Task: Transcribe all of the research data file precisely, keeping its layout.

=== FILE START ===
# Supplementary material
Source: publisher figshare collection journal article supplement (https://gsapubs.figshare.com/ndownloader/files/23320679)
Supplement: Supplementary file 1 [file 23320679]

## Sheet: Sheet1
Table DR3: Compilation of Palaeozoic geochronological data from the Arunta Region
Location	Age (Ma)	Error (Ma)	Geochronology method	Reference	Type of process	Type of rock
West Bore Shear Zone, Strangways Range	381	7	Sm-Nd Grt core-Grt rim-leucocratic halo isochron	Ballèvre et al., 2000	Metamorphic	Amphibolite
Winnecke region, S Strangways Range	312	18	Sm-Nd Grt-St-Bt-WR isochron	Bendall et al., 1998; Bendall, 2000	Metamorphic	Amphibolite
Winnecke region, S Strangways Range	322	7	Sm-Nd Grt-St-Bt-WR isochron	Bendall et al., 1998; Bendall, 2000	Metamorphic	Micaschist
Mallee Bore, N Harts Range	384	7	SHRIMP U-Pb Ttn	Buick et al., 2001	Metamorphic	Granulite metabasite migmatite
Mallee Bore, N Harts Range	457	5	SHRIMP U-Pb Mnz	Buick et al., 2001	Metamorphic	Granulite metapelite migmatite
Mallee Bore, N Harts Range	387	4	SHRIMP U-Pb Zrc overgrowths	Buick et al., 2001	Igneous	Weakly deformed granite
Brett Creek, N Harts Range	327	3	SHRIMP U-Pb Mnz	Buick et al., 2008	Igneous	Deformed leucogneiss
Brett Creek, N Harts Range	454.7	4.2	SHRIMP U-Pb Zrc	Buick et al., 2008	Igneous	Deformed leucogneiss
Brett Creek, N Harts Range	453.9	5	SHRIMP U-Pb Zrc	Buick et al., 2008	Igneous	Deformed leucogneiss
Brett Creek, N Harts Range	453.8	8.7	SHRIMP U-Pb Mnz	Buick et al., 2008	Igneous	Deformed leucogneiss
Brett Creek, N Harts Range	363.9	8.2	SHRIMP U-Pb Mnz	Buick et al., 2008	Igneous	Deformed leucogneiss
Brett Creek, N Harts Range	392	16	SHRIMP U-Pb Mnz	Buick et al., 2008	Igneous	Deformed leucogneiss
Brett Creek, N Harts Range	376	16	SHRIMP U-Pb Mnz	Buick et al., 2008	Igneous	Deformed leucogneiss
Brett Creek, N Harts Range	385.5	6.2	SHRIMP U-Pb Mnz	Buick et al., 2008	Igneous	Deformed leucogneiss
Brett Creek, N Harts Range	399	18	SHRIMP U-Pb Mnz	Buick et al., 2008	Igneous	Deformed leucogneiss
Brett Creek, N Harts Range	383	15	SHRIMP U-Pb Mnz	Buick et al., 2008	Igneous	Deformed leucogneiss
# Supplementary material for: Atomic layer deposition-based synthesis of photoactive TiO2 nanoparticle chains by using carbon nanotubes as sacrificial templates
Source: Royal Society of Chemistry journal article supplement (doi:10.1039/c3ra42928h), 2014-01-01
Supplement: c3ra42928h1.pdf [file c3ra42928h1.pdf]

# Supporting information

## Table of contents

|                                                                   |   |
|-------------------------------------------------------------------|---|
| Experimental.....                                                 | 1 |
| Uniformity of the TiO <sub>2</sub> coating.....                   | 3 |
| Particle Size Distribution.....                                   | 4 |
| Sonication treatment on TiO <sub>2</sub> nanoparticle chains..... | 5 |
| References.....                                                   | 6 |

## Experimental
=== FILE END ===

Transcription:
# Supplementary material
Source: publisher figshare collection journal article supplement (https://gsapubs.figshare.com/ndownloader/files/23320679)
Supplement: Supplementary file 1 [file 23320679]

## Sheet: Sheet1
Table DR3: Compilation of Palaeozoic geochronological data from the Arunta Region
Location	Age (Ma)	Error (Ma)	Geochronology method	Reference	Type of process	Type of rock
West Bore Shear Zone, Strangways Range	381	7	Sm-Nd Grt core-Grt rim-leucocratic halo isochron	Ballèvre et al., 2000	Metamorphic	Amphibolite
Winnecke region, S Strangways Range	312	18	Sm-Nd Grt-St-Bt-WR isochron	Bendall et al., 1998; Bendall, 2000	Metamorphic	Amphibolite
Winnecke region, S Strangways Range	322	7	Sm-Nd Grt-St-Bt-WR isochron	Bendall et al., 1998; Bendall, 2000	Metamorphic	Micaschist
Mallee Bore, N Harts Range	384	7	SHRIMP U-Pb Ttn	Buick et al., 2001	Metamorphic	Granulite metabasite migmatite
Mallee Bore, N Harts Range	457	5	SHRIMP U-Pb Mnz	Buick et al., 2001	Metamorphic	Granulite metapelite migmatite
Mallee Bore, N Harts Range	387	4	SHRIMP U-Pb Zrc overgrowths	Buick et al., 2001	Igneous	Weakly deformed granite
Brett Creek, N Harts Range	327	3	SHRIMP U-Pb Mnz	Buick et al., 2008	Igneous	Deformed leucogneiss
Brett Creek, N Harts Range	454.7	4.2	SHRIMP U-Pb Zrc	Buick et al., 2008	Igneous	Deformed leucogneiss
Brett Creek, N Harts Range	453.9	5	SHRIMP U-Pb Zrc	Buick et al., 2008	Igneous	Deformed leucogneiss
Brett Creek, N Harts Range	453.8	8.7	SHRIMP U-Pb Mnz	Buick et al., 2008	Igneous	Deformed leucogneiss
Brett Creek, N Harts Range	363.9	8.2	SHRIMP U-Pb Mnz	Buick et al., 2008	Igneous	Deformed leucogneiss
Brett Creek, N Harts Range	392	16	SHRIMP U-Pb Mnz	Buick et al., 2008	Igneous	Deformed leucogneiss
Brett Creek, N Harts Range	376	16	SHRIMP U-Pb Mnz	Buick et al., 2008	Igneous	Deformed leucogneiss
Brett Creek, N Harts Range	385.5	6.2	SHRIMP U-Pb Mnz	Buick et al., 2008	Igneous	Deformed leucogneiss
Brett Creek, N Harts Range	399	18	SHRIMP U-Pb Mnz	Buick et al., 2008	Igneous	Deformed leucogneiss
Brett Creek, N Harts Range	383	15	SHRIMP U-Pb Mnz	Buick et al., 2008	Igneous	Deformed leucogneiss
# Supplementary material for: Atomic layer deposition-based synthesis of photoactive TiO2 nanoparticle chains by using carbon nanotubes as sacrificial templates
Source: Royal Society of Chemistry journal article supplement (doi:10.1039/c3ra42928h), 2014-01-01
Supplement: c3ra42928h1.pdf [file c3ra42928h1.pdf]

# Supporting information

## Table of contents

|                                                                   |   |
|-------------------------------------------------------------------|---|
| Experimental.....                                                 | 1 |
| Uniformity of the TiO <sub>2</sub> coating.....                   | 3 |
| Particle Size Distribution.....                                   | 4 |
| Sonication treatment on TiO <sub>2</sub> nanoparticle chains..... | 5 |
| References.....                                                   | 6 |

## Experimental